Claire Adams is a regular contributor in the blogosphere and I have always enjoyed her writing so was delighted when she asked if she could guest post for me. For those of you who haven’t come across her before, Claire is a personal and professional development expert who believes that a positive attitude is one of the keys to success. You can find her online writing and giving tips about lifestyle and development as a regular contributor at highstylife.com.
Teaching our children the value of an inquiring mind is a cause close to my heart. It is a stepping stone to independent learning and here Claire pursues this and shows us how we as parents can teach our children to take academic responsibility.
From a very early age, children have a tendency to identify with some segments of their lives and to completely disregard others that they don’t find appealing, or that don’t resonate with them. Education for the large part seems to children like a forced responsibility, as if they would rarely opt for going to school in the first place if it were up to them – but it doesn’t necessarily have to be that way.
It starts when you encourage them to think for themselves and question everything, not blindly accept what they’re presented with, thus helping them embrace the value of learning through thinking, as opposed to merely absorbing information. But in order to own up to their success, failures (of equal value) and choices, our role as parents can be a pivotal one.
- Provide perspective early on
While they are still in primary school, children have a tendency to view everything through creativity and play – which opens up wonderful opportunities for creative thinking, problem solving and independent thought development. However, as they step into their tween and teen years, context becomes all the more relevant for them to understand why they are making an effort in the first place.
Not to impress others (us, their parents included), or to get a satisfactory number on a piece of paper, but to enrich their lives, broaden their horizons and, most importantly, equip them for their life ahead.
This is a time when their childhood dreams of becoming astronauts or vets can be brought to life with the right choices. So, talk to them, tell them your own experience, and ask them if they see value in what they are taught at school, how those skills and knowledge can help them succeed later in life.
- Know when to step aside or in
Mothers know all too well, how tempting it is to bring out our Wonder Woman self and bring hell to anyone or anything who tries to harm our kids. But they often need us to do something else, they need us not to bail them out, and not to solve their problems for them. Facing responsibility, consequences as well as achievements is essential for their future choices. Ultimately, they need to learn we should all clean up our own mess.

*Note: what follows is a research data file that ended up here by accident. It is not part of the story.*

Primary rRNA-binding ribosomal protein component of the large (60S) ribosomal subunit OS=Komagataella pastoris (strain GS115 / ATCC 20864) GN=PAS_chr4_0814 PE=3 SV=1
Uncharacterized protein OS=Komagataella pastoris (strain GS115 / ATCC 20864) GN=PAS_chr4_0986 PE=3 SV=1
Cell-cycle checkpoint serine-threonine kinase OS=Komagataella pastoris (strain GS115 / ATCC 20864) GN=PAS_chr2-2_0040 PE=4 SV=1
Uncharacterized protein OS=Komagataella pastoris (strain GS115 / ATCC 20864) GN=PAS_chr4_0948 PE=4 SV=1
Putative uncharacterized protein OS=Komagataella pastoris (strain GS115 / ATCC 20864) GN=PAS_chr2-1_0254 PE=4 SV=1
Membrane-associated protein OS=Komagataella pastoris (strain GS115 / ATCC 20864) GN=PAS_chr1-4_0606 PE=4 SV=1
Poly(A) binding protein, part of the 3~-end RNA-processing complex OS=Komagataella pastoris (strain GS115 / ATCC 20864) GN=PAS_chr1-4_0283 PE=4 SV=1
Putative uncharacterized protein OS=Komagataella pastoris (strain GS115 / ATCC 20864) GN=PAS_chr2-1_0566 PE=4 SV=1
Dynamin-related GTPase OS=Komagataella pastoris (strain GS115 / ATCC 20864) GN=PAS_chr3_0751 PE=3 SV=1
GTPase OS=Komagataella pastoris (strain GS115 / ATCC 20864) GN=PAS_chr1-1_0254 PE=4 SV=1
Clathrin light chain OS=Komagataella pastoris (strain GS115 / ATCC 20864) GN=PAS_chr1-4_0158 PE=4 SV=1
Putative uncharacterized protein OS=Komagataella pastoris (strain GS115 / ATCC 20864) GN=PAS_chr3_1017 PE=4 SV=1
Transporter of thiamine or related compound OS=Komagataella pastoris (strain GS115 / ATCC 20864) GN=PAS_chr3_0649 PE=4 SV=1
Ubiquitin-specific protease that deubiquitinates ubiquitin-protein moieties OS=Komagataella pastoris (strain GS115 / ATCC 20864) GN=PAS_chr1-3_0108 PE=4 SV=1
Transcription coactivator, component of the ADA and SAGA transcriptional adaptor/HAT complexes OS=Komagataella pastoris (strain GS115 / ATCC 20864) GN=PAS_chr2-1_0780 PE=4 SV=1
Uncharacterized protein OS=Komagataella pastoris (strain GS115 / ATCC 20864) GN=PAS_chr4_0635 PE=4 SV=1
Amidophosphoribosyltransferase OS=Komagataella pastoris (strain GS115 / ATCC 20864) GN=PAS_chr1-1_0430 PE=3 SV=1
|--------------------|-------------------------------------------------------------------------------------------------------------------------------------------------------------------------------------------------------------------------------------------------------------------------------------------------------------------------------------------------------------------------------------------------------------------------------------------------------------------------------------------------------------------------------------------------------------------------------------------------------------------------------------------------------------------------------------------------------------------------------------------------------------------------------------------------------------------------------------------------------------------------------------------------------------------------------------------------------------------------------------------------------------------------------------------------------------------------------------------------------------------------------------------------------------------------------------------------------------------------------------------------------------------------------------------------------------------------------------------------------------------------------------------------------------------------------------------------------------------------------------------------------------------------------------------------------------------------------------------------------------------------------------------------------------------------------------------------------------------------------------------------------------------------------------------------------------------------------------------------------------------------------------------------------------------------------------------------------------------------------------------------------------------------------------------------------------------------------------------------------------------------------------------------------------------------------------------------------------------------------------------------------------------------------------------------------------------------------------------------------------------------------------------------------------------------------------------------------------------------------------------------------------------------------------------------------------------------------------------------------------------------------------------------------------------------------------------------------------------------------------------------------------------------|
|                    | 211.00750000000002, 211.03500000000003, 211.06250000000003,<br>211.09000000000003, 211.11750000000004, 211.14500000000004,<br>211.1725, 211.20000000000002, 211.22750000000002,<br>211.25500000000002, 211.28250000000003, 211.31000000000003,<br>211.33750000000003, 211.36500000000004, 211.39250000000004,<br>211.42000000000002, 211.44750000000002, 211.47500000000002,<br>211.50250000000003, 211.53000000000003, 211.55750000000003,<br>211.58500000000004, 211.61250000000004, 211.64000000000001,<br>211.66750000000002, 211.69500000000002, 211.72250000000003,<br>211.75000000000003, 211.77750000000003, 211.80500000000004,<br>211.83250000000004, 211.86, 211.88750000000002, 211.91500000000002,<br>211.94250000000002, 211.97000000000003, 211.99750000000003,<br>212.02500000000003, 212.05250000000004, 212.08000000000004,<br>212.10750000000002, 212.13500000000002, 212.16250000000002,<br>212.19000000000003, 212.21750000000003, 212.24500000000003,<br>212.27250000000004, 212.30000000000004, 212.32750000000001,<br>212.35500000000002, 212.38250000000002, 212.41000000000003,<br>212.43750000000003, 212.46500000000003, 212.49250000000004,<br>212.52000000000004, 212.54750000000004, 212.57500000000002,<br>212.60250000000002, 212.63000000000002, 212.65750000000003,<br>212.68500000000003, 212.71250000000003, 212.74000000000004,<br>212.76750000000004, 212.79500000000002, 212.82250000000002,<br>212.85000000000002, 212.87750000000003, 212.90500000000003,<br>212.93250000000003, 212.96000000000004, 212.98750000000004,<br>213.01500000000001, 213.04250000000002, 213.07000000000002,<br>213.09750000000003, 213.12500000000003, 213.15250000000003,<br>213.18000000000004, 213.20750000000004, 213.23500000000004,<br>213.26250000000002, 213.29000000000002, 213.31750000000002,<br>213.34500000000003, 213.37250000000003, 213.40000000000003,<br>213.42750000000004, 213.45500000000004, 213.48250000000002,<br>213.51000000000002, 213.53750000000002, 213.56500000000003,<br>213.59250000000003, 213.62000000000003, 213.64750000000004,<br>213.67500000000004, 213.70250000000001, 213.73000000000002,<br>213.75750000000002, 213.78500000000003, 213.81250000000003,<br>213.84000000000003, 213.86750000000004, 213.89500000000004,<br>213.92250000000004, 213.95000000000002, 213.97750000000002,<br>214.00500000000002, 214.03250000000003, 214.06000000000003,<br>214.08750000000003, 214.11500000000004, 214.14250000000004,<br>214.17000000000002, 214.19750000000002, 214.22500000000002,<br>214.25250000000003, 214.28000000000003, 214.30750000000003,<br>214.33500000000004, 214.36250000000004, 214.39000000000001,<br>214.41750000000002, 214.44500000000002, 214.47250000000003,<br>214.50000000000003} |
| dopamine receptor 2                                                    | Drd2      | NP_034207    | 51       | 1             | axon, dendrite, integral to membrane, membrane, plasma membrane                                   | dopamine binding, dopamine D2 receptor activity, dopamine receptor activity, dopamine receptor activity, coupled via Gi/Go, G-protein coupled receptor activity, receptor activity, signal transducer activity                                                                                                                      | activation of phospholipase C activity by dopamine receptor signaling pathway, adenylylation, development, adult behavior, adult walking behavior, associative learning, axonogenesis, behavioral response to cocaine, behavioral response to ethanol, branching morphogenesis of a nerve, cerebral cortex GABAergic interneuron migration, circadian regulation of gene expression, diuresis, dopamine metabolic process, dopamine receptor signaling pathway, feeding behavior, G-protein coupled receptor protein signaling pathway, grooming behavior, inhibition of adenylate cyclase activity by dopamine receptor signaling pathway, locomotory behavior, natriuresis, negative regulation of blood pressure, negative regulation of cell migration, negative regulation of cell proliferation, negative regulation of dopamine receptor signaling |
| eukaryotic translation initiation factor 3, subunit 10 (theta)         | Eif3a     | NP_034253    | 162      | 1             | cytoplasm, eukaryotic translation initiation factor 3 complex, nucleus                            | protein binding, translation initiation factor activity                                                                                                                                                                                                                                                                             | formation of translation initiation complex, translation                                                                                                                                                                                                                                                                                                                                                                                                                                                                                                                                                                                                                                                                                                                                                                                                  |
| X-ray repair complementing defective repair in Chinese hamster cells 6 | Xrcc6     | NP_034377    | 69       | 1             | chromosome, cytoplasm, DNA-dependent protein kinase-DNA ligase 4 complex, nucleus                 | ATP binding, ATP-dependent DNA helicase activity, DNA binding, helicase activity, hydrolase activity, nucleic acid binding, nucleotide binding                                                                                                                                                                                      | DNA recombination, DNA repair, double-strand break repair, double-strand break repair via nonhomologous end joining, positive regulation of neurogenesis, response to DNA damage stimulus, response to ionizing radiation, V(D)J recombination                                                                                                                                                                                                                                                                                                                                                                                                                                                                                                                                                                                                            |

Then again, certain warning signs may indicate that it’s time for an honest one-on-one, if you see they’re frustrated, slipping with their work, showing no sign of positive engagement, or that their behaviour has changed. Help them by teaching them to view this as an opportunity to grow, a positive challenge to learn or improve their time-management skills and overcome their limitations.
- Teach them to ask for help
Teens are relentless independence-seekers, and they might find the school work difficult, but they will often avoid admitting they need help. Fostering this independence is commendable, as long as it results in them taking action and developing problem-solving and proper coping techniques, but if they are truly stuck, they need to understand the value of asking for help or guidance, whether that is from their parents or their teachers. Not everything is everyone’s strong suit.
Once they realize that temporary help is another way towards greater independence, they will be more inclined to seek help to overcome learning obstacles. They need a stimulating learning environment that cultivates critical thinking, and offers the tools to handle academic challenges properly, and we all know that’s not easy to come by.
- Focus on commitment
I’ll never forget our neighbours daughter’s violin recitals and the hours she would spend playing and perfecting her skills in the days and months before the performance. She was a hard worker and a gifted child, but her stage-fright was so severe she would often freeze on stage or play poorly despite all her practice. Her mother would always praise her, not falsely for the poor performance, but for all the effort she had previously invested in her playing.
Our childrens’ grades, teachers’ comments and results often won’t correspond to the amount of work they invest in their studies – they will sometimes do brilliantly well despite poor studying, but they will sometimes fail despite doing their absolute best. Commend them for their dedication, discipline and effort, not merely the end result. This way they will learn how to value their effort above other people’s judgement and they will learn not to give up at the first sign of trouble in their later academic years.